Derrick Rose on the Bulls and growing up in Chicago

Derrick Rose says he doesn’t know how it will be Friday when he returns to the United Center for the first time not playing for the Bulls, for the first time since his shocking trade to the New York Knicks last June, his first game ever against the team he most loved.

“Going back to Chicago, I really don’t know what to expect,” Rose said earlier this week after Knicks practice in New York. “I know it’s going to be love. I know there will be some totally opposite, couple of boos here and there. But, really, I just want to win the game.”

That really is all Rose ever has been about, from the prep school stardom to the unlikely landing with the Bulls, to the comet flash across the NBA horizon to the crash of the serious knee injuries, the community and media ambivalence, the optimism turned to fatalism. Rose in many respects has endured a trial by fire unlike any top athlete who has played in Chicago, as much or more than most anywhere. He went from precocious local hero to wizened outsider, a child who promised such hope to a man who presided over such disappointment.

Rose is gone from Chicago now, making his home in New York, actually talking about it being his summer base instead of Los Angeles, comfortable in his bustling city anonymity, no longer a last hope as much as a recovering piece. But that Rose has endured and survived is because of Chicago, because of the heat in the kiln of adversity that hardened and strengthened him for his journey. He returns to Chicago wearing a Knicks uniform, but made up in the armor that is Chicago.

“I always had that underdog mentality,” says Rose. “No matter where I was at in my career, no matter what I achieved, no matter the accolades and all that, that’s good. But I always had the underdog mentality and going from all those great seasons through the injuries, dealing with the BS from some of the media, it can kind of isolate you a little where it forces you for your circle to get even tighter. I felt my friends and family have gotten closer than we ever have been. Now with my friends we’ll talk about things we never would talk about. Before the injuries we weren’t able to. They knew I was down and I was mad, but I was holding it in. They could see it and sense it, but I wasn’t talking to them about it. I wasn’t communicating to them or anyone about it. I think at the time it hurt our friendship because I feel I’m very independent. I get it from my mom. I always felt I could handle things on my own. They felt I was pushing them aside when I was doing that, but it was far from that. It was me saying, ‘Let me show you I can do this by myself.’”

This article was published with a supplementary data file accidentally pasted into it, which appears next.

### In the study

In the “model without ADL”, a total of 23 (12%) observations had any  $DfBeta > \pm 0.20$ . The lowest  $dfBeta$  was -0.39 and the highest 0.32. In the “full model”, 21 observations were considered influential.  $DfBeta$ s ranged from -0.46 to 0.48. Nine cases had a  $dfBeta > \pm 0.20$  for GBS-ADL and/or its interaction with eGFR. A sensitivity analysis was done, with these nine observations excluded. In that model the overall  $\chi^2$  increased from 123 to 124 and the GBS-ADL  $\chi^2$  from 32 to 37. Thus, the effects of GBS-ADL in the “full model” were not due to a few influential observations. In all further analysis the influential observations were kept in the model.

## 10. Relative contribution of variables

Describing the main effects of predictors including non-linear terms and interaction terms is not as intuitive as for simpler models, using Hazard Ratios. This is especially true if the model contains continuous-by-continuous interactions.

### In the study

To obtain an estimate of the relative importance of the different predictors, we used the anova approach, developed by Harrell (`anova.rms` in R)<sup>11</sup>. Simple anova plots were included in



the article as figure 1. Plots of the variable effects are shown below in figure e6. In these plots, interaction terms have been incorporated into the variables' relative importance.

Because that was life in Chicago, in Englewood, no dad, his mom the dad — “I rarely saw her feminine side,” says Derrick. “There were bills she could not pay and would break down. That’s when I saw, hey, my mom is a woman, I saw her emotions. She had to be the one hard on us. If anything we saw the dad side of her more than the mom side.” Barely able to eat and have decent clothes, a house filled with a dozen or more people at times, some on drugs, Derrick the quiet one shutting it all out, being the man, wanting to show he can survive and survive for his mom.

It’s often what many don’t understand about some of these great athletes. Just because they get paid a lot of money and become famous doesn’t mean the scars of their childhoods are over or forgotten, that the education they received, or didn’t, is somehow changed. You still are a product of your environment as much as your ancestry. Few of us can relate, though many of us condemn.

“It was tough growing up (in South Side Englewood, one of the city’s most dangerous neighborhoods). It’s why I took school as I did,” says Rose. “I could have done all the work, but at the time we were just trying to survive, me and my mom. My job every day was getting up trying to find ways to hustle; not where I’m selling drugs or anything, but things like shooting dice, shooting jump shots to get a few dollars for my mom. I pumped gas. I was a light skinned kid. My other friends, they all looked rough, so since I was a light skinned kid I’d go up to you and say can I pump your gas. I did that, I shot jump shots for money. Anything to try to take the load off my mom. She’d get a check for $700 or some weeks didn’t even get paid, one time a whole month. She’d get $600 or $700 and after paying the bills would have $100 to spend and for two weeks. And having a kid. How are you supposed to do that?